What experience have you folks had with loose cocoon vs whole tube management?

In both cases, the pre-condition for my question is that both methods involve inspection to remove or control parasites. The tube I used last year were either pre-slit (so you could peek inside) or rolled parchment (so you could unroll and re-roll.) I did not keep any sealed tubes that I was unable to inspect.

For the tubes that had any parasites in them (mostly mites) I scraped them out, cleaned them, and kept them as loose cocoons. This was about 90% of the tubes. For tubes that were completely parasite free (about 10%) I kept them as whole tubes. They're are all roughly 6" paper tubes of slightly varying diameter.

I read in the SARE "How to manage the Blue Orchard Bee" guide that bees who chew their way out of their natal tubes have much lower pre-nesting dispersal. Up to 80% of them stay and nest. (see page 46 of the guide here: http://www.sare.org/Learning-Center/...ue-Orchard-Bee) They also say that loose cocoons have much higher (50%) dispersal. That makes a heck of a difference when you are trying to build your population year over year.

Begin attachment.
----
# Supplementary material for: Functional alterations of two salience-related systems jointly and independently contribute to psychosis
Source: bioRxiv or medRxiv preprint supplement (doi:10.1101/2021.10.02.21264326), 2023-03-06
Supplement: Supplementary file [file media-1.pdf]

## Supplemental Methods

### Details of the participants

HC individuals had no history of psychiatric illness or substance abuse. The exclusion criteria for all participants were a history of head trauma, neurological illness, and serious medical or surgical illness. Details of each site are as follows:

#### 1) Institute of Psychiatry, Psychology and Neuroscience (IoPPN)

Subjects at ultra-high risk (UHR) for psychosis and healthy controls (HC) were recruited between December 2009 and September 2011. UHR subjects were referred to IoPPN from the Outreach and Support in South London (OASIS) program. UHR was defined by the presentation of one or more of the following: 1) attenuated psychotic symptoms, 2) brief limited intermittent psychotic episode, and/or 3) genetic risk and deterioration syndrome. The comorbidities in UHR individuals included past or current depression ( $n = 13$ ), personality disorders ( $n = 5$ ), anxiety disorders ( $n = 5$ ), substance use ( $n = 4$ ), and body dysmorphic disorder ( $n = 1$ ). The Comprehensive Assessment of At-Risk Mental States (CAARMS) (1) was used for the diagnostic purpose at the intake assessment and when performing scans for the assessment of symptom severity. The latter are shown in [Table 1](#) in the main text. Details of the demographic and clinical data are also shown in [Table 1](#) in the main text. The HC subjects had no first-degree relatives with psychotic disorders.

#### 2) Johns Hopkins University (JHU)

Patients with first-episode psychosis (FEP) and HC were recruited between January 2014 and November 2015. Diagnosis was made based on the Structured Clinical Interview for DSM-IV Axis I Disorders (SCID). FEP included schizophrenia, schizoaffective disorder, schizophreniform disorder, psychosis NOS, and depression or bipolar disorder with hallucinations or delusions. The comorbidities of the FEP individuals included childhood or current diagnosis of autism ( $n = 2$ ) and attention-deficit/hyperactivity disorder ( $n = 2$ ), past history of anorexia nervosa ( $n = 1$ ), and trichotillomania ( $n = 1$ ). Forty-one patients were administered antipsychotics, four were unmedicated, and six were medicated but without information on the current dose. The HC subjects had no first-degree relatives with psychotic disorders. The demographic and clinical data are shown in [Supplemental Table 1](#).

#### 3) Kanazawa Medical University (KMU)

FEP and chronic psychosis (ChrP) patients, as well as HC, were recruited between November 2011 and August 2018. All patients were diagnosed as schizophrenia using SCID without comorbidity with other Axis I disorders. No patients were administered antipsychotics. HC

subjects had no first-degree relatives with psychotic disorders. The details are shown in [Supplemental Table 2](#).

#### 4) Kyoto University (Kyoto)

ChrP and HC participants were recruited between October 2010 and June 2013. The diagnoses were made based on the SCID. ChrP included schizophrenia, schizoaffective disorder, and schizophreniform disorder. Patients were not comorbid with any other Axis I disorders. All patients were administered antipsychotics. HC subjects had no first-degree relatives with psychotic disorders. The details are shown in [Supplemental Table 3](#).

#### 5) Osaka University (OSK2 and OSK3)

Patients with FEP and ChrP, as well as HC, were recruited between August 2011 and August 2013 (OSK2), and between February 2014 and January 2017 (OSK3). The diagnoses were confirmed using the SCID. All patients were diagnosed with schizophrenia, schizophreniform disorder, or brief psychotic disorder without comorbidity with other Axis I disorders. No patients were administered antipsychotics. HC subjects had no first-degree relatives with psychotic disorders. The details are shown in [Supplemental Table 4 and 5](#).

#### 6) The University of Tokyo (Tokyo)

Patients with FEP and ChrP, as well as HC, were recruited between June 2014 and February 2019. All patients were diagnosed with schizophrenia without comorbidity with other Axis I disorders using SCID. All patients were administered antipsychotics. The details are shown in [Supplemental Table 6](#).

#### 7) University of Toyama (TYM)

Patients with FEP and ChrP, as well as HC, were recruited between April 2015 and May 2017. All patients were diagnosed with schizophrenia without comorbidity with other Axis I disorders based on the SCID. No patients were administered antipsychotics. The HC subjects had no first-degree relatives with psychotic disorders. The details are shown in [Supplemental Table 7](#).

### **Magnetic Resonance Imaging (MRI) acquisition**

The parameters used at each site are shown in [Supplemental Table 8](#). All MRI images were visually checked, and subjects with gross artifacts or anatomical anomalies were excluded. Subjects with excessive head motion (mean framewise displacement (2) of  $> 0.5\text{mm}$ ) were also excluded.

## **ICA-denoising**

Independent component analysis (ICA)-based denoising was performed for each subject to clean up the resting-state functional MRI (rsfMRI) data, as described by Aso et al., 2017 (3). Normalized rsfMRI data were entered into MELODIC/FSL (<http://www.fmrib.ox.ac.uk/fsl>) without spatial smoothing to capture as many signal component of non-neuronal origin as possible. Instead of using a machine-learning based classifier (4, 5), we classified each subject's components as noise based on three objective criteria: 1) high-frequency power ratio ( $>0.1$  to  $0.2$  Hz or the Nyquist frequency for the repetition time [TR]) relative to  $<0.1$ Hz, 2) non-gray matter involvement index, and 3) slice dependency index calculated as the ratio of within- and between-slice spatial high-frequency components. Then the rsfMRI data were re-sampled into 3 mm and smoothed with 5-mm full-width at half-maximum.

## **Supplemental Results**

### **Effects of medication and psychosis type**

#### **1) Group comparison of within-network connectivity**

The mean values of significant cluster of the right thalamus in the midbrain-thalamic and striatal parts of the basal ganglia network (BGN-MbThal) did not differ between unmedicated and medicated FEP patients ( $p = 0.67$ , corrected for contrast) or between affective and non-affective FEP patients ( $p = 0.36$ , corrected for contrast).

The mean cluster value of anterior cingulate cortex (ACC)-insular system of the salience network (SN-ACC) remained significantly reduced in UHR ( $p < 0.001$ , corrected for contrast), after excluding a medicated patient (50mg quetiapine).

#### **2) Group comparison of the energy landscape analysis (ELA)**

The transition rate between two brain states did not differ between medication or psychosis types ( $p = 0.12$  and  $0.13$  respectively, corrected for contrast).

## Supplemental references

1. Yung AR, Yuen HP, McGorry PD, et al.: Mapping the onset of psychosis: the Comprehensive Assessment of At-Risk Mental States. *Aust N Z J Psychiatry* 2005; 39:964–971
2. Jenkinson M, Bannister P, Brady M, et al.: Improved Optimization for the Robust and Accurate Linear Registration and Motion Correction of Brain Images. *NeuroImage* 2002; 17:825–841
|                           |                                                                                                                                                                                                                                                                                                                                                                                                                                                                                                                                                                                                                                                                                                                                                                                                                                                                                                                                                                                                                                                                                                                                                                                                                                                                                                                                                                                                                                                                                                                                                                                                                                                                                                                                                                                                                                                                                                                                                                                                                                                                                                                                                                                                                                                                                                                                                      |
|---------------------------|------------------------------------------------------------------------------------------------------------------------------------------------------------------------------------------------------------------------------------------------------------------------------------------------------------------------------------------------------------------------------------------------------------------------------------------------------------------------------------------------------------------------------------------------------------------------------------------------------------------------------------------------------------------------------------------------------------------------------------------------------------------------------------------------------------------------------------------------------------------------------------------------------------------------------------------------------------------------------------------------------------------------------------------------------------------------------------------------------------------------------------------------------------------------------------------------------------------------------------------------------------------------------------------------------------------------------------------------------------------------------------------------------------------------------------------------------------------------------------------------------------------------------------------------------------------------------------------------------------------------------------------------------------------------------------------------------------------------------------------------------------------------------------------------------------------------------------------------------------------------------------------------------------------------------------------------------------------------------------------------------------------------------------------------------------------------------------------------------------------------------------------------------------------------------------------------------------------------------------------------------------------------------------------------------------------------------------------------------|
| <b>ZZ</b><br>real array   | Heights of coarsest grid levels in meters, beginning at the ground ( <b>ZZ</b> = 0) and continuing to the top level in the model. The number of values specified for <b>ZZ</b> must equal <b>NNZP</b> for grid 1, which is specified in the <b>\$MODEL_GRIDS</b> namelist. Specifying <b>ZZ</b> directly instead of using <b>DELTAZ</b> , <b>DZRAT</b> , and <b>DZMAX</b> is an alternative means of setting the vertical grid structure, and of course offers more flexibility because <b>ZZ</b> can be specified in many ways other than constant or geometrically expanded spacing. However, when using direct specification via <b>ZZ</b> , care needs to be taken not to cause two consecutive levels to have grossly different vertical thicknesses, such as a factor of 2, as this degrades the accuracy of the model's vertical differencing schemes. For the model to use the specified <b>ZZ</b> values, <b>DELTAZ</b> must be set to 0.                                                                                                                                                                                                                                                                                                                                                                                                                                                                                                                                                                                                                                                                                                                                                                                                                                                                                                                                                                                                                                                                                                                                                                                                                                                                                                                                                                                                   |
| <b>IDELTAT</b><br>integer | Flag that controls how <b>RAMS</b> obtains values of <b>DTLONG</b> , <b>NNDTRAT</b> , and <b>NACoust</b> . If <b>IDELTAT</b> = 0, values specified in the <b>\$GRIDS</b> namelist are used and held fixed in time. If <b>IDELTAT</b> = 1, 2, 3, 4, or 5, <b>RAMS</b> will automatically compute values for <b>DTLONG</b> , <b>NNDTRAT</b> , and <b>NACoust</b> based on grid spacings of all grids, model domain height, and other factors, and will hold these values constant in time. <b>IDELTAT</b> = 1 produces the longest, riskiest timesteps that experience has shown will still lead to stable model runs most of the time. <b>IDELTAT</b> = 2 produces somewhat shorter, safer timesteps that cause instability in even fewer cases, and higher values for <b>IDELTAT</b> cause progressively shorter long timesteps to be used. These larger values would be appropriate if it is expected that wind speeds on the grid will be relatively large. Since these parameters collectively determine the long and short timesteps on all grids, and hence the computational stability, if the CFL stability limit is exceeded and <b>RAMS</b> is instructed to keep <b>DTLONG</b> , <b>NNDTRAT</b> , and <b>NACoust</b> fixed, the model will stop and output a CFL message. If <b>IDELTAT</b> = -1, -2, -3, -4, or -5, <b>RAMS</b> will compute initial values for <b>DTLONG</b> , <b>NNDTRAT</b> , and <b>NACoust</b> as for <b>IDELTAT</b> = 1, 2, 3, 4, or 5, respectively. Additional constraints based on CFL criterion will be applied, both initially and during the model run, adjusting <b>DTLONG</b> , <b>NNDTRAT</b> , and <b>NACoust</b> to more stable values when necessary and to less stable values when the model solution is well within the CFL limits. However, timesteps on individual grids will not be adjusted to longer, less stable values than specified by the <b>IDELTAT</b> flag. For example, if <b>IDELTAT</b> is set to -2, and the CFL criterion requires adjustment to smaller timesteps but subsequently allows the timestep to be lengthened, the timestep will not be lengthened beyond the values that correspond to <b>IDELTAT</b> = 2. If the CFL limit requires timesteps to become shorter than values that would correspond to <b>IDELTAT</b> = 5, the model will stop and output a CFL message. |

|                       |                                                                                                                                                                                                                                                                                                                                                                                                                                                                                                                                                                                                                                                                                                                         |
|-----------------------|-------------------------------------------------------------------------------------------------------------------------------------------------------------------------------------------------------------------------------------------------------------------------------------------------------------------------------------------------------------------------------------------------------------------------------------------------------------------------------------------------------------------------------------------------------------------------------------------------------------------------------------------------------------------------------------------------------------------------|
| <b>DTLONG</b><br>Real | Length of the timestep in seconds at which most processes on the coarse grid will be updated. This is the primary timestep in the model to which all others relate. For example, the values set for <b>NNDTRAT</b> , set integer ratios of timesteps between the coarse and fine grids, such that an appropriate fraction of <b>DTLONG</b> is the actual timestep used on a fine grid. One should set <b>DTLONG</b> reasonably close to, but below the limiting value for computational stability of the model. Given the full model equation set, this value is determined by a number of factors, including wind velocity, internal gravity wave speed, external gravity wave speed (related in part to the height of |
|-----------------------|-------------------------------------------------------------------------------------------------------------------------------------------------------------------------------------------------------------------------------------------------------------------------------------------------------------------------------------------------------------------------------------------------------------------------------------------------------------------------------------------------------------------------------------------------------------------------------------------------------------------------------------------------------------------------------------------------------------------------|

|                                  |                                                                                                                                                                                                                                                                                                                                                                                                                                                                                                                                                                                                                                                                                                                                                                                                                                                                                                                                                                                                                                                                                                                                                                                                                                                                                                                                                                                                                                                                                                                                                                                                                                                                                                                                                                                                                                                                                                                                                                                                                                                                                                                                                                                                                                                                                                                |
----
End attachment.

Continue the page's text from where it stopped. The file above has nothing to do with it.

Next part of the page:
What has happened so far?
1. Loose cocoons emerged as planned.

2. Whole tubes showed activity MUCH later than the loose cocoons--almost two weeks later. When I inspected them, I found very frequently that the first male had emerged and escaped the tube, but many other bees had emerged and were still stuck in the tubes. As soon as I pried them open, they flew out immediately. They seemed simply unable to get out---five bees in a row would appear emerged, but trapped in place

With our record-cold and record-rainy weather in Seattle, I have a very high dispersal rate (75%) --even more than last year. With my multiple houses located within 50 feet of each other, it's impossible to determine which bees stayed vs which bees dispersed.

For people who inspect their cocoons, which do you use and what's your experience with minimizing dispersal?